Over the course of his career, actor Paul Giamatti has tackled every genre imaginable, from drama to comedy to sci-fi to fantasy, with his skills largely elevating every single project he's a part of. Additionally, no matter what the merits might be of an ensemble in which he's a part of, he offers a compelling performance that audiences have a hard time taking their eyes off of. For his latest film, Gunpowder Milkshake, Giamatti plays an integral part of the overall narrative, though it's his co-stars that are the main focus of the impressive action, allowing Giamatti to use his character to contextualize all of the film's impressive and stylized action sequences. Gunpowder Milkshake hits Netflix on July 14th.
In the film, Sam (Karen Gillan) was only 12 years old when her mother Scarlet (Lena Headey), an elite assassin, was forced to abandon her. Sam was raised by The Firm, the ruthless crime syndicate her mother worked for. Now, 15 years later, Sam has followed in her mother's footsteps and grown into a fierce hit-woman. She uses her "talents" to clean up The Firm's most dangerous messes. She's as efficient as she is loyal. But when a high-risk job goes wrong, Sam must choose between serving The Firm and protecting the life of an innocent 8-year-old girl -- Emily (Chloe Coleman). With a target on her back, Sam has only one chance to survive: Reunite with her mother and her lethal associates, The Librarians (Michelle Yeoh, Angela Bassett, and Carla Gugino). These three generations of women must now learn to trust each other, stand up to The Firm and their army of henchmen, and raise hell against those who could take everything from them.
ComicBook.com caught up with Giamatti to talk his interest in the project, the ambitious tone, and if he could return to another superhero series.
ComicBook.com: I wanted to get something out of the way. I don't know how often you hear this, but you are a really good actor. Has anyone told you that before?
Paul Giamatti: No. Not that forthrightly, so I appreciate it. Thank you.
It was just one of those things that, knowing I was talking to you, I'm looking over everything you've been in. I watched Ides of March again not too long ago. It's just that everything you're in, you make better.
Oh, thanks. I appreciate that. That's a very nice thing to hear. Thank you.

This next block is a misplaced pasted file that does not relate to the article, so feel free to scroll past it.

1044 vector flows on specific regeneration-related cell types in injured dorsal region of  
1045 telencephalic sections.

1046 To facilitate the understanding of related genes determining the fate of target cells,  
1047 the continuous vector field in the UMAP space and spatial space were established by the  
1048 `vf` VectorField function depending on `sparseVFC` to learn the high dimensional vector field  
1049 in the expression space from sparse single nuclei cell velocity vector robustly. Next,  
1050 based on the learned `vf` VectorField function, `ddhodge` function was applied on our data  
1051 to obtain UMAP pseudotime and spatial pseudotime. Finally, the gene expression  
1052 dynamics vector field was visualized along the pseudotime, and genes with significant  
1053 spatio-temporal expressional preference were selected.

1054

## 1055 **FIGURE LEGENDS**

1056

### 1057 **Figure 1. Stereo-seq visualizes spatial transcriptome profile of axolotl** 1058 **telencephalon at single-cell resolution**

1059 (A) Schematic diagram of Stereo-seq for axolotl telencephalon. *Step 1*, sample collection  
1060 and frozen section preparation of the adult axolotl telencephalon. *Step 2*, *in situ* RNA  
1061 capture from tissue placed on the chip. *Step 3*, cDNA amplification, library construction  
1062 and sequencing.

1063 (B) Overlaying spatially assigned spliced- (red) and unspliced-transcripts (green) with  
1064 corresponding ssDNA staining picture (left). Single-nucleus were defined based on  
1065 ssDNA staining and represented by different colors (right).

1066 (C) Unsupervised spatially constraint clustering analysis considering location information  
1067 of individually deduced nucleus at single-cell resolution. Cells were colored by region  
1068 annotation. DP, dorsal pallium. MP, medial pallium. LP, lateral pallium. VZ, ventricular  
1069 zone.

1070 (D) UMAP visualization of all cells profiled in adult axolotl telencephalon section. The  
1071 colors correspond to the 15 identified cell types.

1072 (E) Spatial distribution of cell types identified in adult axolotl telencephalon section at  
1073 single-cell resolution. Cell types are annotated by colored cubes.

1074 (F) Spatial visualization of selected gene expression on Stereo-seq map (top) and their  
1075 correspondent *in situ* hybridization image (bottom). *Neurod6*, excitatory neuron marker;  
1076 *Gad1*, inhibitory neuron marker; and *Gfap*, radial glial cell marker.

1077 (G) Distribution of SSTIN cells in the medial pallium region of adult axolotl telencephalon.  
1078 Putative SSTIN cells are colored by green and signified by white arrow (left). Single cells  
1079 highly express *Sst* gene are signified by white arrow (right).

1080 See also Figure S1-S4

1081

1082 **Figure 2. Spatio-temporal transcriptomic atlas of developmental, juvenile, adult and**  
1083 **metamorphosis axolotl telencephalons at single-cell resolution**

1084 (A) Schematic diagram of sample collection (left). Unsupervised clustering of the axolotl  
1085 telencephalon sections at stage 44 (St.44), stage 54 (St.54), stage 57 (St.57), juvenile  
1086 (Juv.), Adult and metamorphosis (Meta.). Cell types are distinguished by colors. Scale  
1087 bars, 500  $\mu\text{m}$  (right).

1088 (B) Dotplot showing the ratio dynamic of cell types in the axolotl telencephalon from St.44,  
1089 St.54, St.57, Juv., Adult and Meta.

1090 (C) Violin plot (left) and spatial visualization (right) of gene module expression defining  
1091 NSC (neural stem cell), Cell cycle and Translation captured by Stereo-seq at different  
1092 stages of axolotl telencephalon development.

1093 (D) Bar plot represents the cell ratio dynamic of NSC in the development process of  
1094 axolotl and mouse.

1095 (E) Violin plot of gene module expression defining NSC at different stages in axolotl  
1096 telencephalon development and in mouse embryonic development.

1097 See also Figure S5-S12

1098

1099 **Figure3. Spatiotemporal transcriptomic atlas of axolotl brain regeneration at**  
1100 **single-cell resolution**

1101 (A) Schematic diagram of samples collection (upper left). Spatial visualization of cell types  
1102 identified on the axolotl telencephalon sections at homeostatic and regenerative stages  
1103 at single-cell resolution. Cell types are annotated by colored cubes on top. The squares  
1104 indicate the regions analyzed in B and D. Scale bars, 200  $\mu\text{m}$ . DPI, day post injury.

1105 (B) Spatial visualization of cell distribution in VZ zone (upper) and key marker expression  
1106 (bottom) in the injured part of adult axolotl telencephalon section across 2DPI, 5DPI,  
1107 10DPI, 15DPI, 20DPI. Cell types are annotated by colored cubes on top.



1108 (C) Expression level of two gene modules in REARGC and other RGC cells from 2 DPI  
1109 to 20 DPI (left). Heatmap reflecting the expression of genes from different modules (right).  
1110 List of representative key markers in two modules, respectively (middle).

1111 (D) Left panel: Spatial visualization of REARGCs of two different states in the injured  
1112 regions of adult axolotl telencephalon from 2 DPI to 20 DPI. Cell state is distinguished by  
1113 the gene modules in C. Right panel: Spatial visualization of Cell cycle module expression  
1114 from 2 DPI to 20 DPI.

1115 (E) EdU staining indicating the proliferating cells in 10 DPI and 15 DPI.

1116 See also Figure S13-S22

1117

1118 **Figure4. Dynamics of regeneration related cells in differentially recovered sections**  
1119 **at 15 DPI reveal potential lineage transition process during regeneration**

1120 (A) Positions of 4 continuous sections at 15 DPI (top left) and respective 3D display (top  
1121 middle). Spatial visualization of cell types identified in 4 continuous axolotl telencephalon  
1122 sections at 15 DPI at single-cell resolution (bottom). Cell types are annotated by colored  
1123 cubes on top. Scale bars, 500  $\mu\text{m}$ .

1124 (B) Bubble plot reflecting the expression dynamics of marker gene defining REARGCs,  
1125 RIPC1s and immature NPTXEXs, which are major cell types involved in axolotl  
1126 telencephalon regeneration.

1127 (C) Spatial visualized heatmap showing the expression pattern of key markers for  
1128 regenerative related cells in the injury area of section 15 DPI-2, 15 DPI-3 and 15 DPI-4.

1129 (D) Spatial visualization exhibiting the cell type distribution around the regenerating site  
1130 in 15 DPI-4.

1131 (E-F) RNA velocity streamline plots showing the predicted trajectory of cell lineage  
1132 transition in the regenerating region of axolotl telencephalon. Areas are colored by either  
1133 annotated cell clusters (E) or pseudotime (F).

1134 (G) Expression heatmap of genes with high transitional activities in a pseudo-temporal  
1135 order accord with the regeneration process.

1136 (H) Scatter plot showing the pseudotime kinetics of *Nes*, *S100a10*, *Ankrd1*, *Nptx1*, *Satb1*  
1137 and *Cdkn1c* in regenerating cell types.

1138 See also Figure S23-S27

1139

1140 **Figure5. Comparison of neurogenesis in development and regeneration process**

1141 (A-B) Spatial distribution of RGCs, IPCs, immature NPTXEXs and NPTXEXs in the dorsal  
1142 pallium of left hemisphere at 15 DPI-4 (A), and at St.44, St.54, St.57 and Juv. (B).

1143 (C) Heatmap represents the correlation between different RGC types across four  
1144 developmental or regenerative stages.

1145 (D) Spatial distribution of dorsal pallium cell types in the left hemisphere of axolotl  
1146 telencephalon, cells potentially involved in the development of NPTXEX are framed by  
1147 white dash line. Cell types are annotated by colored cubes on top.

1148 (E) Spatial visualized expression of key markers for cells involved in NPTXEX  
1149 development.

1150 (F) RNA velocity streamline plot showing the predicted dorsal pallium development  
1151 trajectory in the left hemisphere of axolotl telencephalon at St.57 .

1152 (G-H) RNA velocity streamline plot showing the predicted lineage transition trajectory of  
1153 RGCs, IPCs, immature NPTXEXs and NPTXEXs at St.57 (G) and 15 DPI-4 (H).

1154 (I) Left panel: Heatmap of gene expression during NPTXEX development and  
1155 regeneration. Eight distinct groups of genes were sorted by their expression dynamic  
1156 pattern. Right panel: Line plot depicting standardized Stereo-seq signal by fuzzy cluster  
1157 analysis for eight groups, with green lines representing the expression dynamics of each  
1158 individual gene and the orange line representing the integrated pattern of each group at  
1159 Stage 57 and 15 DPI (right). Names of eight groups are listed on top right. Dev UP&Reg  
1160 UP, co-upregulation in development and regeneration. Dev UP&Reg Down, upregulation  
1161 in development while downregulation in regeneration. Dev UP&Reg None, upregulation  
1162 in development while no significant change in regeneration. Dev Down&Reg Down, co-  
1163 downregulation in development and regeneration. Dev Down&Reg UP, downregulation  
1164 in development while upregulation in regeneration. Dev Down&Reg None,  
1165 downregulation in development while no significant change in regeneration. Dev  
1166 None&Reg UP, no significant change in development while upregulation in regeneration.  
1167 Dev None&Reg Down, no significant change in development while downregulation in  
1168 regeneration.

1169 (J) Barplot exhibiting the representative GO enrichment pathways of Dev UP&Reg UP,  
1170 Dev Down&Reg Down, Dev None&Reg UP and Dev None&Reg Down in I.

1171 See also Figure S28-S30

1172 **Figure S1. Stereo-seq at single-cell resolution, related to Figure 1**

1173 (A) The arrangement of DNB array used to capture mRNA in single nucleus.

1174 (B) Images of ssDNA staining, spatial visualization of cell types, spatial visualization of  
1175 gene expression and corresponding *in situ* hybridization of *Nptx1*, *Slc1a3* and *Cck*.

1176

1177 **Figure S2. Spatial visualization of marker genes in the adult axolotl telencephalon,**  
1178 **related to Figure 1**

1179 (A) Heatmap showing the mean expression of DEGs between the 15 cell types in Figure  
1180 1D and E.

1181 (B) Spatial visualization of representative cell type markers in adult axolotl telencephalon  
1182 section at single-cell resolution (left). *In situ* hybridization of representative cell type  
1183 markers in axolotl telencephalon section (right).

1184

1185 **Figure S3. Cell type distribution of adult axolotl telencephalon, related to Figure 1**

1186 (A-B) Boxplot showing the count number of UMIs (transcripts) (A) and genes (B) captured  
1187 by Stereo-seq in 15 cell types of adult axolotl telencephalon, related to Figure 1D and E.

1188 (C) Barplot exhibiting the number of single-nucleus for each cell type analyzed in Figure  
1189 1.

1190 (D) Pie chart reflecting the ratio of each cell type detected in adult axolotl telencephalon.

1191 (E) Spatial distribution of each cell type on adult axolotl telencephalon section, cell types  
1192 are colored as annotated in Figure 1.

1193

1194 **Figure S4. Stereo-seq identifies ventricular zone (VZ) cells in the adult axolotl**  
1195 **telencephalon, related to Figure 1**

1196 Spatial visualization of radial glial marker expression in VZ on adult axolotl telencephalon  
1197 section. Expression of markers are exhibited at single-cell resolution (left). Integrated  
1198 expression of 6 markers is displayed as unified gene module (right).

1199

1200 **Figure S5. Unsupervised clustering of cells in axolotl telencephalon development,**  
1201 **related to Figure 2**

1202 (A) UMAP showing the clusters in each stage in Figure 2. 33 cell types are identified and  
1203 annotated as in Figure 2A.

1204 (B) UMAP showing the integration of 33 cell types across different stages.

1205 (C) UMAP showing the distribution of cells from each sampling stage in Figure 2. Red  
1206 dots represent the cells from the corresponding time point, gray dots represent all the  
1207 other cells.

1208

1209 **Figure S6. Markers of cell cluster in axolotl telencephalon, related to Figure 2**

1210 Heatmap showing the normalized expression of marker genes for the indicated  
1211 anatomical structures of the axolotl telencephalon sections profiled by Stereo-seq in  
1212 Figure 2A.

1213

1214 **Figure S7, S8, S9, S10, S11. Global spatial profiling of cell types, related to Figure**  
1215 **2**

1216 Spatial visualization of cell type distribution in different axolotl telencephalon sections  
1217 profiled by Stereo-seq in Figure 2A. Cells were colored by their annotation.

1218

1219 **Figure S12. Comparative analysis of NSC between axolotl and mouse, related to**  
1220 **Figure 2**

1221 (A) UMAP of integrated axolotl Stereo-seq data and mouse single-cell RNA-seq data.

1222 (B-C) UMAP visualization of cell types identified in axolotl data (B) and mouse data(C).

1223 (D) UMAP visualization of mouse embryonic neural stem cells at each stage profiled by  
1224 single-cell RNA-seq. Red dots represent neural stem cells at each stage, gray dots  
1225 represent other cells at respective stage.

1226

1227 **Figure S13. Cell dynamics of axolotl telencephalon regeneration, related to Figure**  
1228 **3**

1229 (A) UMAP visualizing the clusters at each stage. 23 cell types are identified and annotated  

Well, that's all I have. Thanks for taking the time.
All right, great. Thanks.
Easiest one of the day.
That was great.
But, in all seriousness, another one of the projects that you bring your performance to which makes the film that much more exciting is Gunpowder Milkshake. And since you play this unique role where you are an important cog of the overall storyline, but you're not necessarily neck-deep in all of the action that all of your other co-stars are involved in, what was about this project that really excited you to get involved with it?
I thought it was a really eccentric script. I liked it a lot. I thought it was odd. I like action movies, I like more stylized action movies. I'm a fan of the John Wick movies. This didn't even put me in the mind of that movie, but now I see why people say it did, but I wasn't even thinking of that when I first read this.
I thought it was odd and I think I liked that about it, but I have an odd sense of humor. I saw that the action sequences sounded like they were going to be really interesting. I thought the people involved were great, and then I saw one of the director's movies and thought it was really pretty great, and, I don't know, I just thought this looks like fun.
And yeah, I didn't get to do the action stuff, that's okay. It was a fun part. I liked the fact that the guy was actually not the bad guy. He's not a great guy, but he actually had a bit of a human heart to him. Like, he actually cared about the girl and stuff like that. The woman, young woman. And so I liked it. I thought it was weird. I liked it.